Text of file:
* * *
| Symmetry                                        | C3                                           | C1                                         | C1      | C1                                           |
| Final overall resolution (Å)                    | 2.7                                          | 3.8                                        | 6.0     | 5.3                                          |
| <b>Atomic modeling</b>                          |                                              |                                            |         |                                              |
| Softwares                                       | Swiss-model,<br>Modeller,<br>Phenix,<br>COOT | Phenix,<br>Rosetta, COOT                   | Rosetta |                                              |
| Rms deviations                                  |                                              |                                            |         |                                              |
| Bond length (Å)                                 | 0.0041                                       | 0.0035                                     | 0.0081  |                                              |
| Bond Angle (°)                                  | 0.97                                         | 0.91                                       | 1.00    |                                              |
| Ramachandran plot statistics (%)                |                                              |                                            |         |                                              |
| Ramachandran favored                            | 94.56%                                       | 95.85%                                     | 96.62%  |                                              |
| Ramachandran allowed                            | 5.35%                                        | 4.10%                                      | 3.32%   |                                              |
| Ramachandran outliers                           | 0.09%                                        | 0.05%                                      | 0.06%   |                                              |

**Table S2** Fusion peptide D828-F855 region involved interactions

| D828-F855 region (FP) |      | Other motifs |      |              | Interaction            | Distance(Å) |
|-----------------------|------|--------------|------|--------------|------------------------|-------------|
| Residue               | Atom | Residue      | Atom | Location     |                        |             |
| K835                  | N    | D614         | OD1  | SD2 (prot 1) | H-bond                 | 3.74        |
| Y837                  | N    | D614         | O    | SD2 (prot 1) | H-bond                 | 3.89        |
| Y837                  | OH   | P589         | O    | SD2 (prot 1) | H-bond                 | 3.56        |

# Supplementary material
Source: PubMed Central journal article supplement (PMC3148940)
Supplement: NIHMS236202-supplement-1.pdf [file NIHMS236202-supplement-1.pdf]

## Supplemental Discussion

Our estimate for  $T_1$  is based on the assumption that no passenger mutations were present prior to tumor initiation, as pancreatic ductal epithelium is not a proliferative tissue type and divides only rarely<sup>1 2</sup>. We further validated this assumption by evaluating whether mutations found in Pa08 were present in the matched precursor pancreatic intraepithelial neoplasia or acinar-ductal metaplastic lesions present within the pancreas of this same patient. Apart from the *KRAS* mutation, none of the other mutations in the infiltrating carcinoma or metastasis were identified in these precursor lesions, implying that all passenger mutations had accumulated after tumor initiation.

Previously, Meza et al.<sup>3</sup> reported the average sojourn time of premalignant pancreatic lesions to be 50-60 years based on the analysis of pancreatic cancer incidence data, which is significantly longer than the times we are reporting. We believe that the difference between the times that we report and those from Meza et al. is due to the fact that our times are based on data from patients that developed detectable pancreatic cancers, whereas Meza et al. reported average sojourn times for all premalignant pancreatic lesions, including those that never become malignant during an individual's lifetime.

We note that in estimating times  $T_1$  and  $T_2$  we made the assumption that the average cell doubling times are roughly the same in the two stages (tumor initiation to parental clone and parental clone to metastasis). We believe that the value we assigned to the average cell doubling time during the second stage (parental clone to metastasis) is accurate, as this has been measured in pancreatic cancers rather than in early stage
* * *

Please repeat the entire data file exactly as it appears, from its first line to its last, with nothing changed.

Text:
| Symmetry                                        | C3                                           | C1                                         | C1      | C1                                           |
| Final overall resolution (Å)                    | 2.7                                          | 3.8                                        | 6.0     | 5.3                                          |
| <b>Atomic modeling</b>                          |                                              |                                            |         |                                              |
| Softwares                                       | Swiss-model,<br>Modeller,<br>Phenix,<br>COOT | Phenix,<br>Rosetta, COOT                   | Rosetta |                                              |
| Rms deviations                                  |                                              |                                            |         |                                              |
| Bond length (Å)                                 | 0.0041                                       | 0.0035                                     | 0.0081  |                                              |
| Bond Angle (°)                                  | 0.97                                         | 0.91                                       | 1.00    |                                              |
| Ramachandran plot statistics (%)                |                                              |                                            |         |                                              |
| Ramachandran favored                            | 94.56%                                       | 95.85%                                     | 96.62%  |                                              |
| Ramachandran allowed                            | 5.35%                                        | 4.10%                                      | 3.32%   |                                              |
| Ramachandran outliers                           | 0.09%                                        | 0.05%                                      | 0.06%   |                                              |

**Table S2** Fusion peptide D828-F855 region involved interactions

| D828-F855 region (FP) |      | Other motifs |      |              | Interaction            | Distance(Å) |
|-----------------------|------|--------------|------|--------------|------------------------|-------------|
| Residue               | Atom | Residue      | Atom | Location     |                        |             |
| K835                  | N    | D614         | OD1  | SD2 (prot 1) | H-bond                 | 3.74        |
| Y837                  | N    | D614         | O    | SD2 (prot 1) | H-bond                 | 3.89        |
| Y837                  | OH   | P589         | O    | SD2 (prot 1) | H-bond                 | 3.56        |

# Supplementary material
Source: PubMed Central journal article supplement (PMC3148940)
Supplement: NIHMS236202-supplement-1.pdf [file NIHMS236202-supplement-1.pdf]

## Supplemental Discussion

Our estimate for  $T_1$  is based on the assumption that no passenger mutations were present prior to tumor initiation, as pancreatic ductal epithelium is not a proliferative tissue type and divides only rarely<sup>1 2</sup>. We further validated this assumption by evaluating whether mutations found in Pa08 were present in the matched precursor pancreatic intraepithelial neoplasia or acinar-ductal metaplastic lesions present within the pancreas of this same patient. Apart from the *KRAS* mutation, none of the other mutations in the infiltrating carcinoma or metastasis were identified in these precursor lesions, implying that all passenger mutations had accumulated after tumor initiation.

Previously, Meza et al.<sup>3</sup> reported the average sojourn time of premalignant pancreatic lesions to be 50-60 years based on the analysis of pancreatic cancer incidence data, which is significantly longer than the times we are reporting. We believe that the difference between the times that we report and those from Meza et al. is due to the fact that our times are based on data from patients that developed detectable pancreatic cancers, whereas Meza et al. reported average sojourn times for all premalignant pancreatic lesions, including those that never become malignant during an individual's lifetime.

We note that in estimating times  $T_1$  and  $T_2$  we made the assumption that the average cell doubling times are roughly the same in the two stages (tumor initiation to parental clone and parental clone to metastasis). We believe that the value we assigned to the average cell doubling time during the second stage (parental clone to metastasis) is accurate, as this has been measured in pancreatic cancers rather than in early stage